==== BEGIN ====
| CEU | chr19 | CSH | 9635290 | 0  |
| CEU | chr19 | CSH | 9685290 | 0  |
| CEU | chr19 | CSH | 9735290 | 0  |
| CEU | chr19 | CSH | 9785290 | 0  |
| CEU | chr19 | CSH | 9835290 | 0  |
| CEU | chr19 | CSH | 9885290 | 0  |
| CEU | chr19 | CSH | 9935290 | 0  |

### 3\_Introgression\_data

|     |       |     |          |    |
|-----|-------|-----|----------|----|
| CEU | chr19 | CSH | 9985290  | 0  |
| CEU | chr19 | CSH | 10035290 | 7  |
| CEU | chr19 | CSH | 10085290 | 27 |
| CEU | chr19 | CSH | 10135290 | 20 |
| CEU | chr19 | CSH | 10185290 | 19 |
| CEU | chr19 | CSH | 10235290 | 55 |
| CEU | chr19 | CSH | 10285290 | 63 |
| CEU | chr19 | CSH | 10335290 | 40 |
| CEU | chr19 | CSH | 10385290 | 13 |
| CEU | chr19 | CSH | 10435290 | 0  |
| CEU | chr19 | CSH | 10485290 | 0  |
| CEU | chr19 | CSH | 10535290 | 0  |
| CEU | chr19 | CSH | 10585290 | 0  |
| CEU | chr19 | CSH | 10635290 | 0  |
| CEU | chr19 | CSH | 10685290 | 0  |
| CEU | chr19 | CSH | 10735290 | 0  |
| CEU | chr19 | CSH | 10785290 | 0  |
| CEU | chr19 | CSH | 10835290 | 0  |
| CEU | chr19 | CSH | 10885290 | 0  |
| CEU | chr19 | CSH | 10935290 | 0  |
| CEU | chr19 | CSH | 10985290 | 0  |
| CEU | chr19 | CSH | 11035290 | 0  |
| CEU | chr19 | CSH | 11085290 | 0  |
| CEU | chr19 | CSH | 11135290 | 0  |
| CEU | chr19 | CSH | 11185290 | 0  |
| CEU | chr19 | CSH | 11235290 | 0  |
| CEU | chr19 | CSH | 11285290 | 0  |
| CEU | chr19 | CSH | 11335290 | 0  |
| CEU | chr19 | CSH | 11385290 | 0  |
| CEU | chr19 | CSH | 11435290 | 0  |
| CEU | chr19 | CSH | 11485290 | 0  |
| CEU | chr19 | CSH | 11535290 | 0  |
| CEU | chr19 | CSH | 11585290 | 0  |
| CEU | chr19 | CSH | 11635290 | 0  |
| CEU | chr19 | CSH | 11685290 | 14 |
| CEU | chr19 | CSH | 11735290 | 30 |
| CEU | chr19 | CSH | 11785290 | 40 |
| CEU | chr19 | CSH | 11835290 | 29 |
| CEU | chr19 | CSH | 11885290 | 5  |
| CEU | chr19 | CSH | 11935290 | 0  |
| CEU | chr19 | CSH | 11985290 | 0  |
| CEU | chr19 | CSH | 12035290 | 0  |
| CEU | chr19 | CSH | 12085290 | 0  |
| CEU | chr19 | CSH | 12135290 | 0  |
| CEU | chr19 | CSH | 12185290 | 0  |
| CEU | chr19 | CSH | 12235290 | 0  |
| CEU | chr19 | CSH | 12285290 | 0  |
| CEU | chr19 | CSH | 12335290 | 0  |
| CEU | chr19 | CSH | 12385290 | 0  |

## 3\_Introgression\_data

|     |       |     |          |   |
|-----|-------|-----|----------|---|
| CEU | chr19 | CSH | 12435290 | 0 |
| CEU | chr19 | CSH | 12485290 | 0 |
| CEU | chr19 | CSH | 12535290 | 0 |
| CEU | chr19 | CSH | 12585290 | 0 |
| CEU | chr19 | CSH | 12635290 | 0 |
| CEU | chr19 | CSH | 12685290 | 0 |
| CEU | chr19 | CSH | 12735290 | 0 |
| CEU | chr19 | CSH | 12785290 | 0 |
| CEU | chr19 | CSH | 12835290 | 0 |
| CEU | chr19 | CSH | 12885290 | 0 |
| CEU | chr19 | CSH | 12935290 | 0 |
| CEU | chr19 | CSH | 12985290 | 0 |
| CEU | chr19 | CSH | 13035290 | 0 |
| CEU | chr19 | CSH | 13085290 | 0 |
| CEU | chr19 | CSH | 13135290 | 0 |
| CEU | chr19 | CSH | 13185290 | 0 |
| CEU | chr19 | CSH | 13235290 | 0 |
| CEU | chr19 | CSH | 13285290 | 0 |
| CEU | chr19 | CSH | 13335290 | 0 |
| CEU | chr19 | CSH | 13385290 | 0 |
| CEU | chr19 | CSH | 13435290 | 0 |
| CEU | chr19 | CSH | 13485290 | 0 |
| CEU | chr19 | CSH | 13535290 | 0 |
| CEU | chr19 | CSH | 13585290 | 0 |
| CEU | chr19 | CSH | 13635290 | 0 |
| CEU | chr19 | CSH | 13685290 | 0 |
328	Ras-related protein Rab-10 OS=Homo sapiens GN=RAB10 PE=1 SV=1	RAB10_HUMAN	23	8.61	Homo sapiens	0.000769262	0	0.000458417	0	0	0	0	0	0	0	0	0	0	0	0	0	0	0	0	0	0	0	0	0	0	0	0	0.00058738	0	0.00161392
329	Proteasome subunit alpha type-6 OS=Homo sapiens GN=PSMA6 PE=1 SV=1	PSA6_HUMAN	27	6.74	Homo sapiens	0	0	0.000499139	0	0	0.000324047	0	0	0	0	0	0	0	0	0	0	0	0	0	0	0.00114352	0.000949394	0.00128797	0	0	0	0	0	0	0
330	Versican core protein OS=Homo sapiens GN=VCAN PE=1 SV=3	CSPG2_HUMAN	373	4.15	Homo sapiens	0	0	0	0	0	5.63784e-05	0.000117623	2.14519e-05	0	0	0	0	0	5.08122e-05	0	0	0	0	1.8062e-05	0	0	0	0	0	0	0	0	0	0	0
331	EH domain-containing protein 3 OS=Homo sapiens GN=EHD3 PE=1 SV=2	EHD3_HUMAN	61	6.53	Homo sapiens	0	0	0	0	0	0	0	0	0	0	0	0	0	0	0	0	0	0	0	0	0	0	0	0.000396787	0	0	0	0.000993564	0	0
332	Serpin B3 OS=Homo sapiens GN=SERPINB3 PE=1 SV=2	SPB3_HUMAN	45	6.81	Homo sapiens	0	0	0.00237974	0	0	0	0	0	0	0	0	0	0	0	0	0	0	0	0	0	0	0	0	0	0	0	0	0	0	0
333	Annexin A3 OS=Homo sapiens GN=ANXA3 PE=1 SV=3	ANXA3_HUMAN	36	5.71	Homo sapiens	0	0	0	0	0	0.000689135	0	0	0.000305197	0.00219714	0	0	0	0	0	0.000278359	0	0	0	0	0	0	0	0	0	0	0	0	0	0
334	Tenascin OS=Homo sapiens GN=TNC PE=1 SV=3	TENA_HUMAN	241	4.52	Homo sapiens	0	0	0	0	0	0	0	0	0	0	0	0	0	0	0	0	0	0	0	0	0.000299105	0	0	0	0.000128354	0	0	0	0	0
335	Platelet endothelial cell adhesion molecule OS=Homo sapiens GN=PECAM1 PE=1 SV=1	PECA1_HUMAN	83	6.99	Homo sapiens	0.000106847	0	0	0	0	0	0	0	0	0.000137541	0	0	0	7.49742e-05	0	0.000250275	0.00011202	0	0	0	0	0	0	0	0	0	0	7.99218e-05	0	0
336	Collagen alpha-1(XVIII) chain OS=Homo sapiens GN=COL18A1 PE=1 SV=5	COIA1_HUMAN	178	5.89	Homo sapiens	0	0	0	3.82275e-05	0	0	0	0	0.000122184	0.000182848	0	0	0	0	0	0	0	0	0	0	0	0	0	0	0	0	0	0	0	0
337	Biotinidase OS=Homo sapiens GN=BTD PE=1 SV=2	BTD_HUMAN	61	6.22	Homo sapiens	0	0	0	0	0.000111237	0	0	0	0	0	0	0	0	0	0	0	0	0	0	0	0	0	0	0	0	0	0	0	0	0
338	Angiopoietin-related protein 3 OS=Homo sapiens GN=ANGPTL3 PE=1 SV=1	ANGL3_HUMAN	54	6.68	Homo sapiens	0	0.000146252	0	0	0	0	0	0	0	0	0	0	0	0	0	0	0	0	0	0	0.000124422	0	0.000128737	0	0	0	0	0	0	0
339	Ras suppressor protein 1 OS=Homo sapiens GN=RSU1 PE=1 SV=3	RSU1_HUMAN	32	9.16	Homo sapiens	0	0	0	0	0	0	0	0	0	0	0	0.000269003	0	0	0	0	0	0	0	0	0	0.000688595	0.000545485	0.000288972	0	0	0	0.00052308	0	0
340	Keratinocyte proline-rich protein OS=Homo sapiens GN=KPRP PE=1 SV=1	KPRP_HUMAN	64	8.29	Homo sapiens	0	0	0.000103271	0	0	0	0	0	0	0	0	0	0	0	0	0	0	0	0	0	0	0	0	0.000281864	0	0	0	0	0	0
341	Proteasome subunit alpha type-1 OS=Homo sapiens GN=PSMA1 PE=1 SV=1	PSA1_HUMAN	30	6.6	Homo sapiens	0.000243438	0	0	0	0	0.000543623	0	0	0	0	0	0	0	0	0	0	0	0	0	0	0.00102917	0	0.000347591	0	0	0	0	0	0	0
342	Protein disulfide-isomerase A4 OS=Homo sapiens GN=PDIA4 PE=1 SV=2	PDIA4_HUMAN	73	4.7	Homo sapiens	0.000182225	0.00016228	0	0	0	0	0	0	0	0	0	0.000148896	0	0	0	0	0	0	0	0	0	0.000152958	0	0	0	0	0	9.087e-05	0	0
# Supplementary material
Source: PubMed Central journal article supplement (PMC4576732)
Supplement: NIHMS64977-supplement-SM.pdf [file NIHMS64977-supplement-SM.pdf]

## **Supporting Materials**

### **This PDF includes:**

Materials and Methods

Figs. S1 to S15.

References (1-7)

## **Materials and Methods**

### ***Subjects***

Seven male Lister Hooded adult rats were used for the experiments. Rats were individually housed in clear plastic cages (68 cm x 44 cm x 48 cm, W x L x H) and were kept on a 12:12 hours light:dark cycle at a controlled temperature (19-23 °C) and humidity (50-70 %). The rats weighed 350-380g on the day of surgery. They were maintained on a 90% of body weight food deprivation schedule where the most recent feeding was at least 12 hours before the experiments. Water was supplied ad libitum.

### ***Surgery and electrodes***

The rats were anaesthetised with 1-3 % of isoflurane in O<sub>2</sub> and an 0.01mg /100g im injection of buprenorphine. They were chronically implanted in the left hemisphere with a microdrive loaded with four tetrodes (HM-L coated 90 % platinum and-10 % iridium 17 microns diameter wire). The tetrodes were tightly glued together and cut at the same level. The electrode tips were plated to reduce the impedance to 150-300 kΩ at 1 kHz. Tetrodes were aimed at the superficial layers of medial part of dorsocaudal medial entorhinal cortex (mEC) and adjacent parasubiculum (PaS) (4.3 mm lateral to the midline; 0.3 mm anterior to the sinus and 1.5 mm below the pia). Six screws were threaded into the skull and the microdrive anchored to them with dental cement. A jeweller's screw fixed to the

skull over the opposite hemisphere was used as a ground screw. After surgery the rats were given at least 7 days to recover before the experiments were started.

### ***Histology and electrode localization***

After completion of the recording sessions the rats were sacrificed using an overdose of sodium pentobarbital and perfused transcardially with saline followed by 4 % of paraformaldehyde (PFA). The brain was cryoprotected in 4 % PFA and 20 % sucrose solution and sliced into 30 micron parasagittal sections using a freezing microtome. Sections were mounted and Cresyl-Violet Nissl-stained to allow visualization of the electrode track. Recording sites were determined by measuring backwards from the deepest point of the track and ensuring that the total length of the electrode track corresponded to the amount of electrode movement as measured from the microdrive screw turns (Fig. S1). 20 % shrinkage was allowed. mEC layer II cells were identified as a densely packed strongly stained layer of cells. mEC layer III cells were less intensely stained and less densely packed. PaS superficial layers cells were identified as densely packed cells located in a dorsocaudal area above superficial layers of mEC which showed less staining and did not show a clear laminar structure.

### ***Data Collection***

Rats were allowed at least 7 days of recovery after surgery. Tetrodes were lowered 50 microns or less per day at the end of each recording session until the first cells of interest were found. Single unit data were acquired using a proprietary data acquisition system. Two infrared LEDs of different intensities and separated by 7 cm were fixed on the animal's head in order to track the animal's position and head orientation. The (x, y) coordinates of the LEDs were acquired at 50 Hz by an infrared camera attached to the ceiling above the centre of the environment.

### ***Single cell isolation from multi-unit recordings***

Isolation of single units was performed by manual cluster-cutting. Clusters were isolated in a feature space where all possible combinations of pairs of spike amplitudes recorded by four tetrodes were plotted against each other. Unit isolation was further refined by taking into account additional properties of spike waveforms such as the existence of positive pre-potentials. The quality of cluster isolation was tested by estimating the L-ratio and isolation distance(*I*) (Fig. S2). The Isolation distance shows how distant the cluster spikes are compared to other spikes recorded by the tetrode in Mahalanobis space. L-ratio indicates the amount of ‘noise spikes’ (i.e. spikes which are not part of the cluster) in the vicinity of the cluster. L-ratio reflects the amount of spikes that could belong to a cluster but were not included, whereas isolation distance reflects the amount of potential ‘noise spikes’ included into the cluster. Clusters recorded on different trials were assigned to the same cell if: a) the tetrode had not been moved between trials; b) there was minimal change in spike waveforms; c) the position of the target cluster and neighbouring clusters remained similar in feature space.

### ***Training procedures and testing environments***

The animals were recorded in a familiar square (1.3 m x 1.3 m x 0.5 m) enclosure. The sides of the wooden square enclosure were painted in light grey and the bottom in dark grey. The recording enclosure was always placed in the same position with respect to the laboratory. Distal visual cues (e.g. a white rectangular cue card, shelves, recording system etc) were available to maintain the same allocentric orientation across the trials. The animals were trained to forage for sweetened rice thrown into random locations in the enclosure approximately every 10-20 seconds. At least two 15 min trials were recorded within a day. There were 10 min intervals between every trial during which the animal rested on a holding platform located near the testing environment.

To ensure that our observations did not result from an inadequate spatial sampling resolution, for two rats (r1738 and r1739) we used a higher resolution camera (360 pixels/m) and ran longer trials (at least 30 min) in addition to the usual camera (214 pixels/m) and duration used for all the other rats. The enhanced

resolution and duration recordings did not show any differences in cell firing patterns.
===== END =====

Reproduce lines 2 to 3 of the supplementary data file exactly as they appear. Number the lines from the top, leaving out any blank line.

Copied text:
| CEU | chr19 | CSH | 9685290 | 0  |
| CEU | chr19 | CSH | 9735290 | 0  |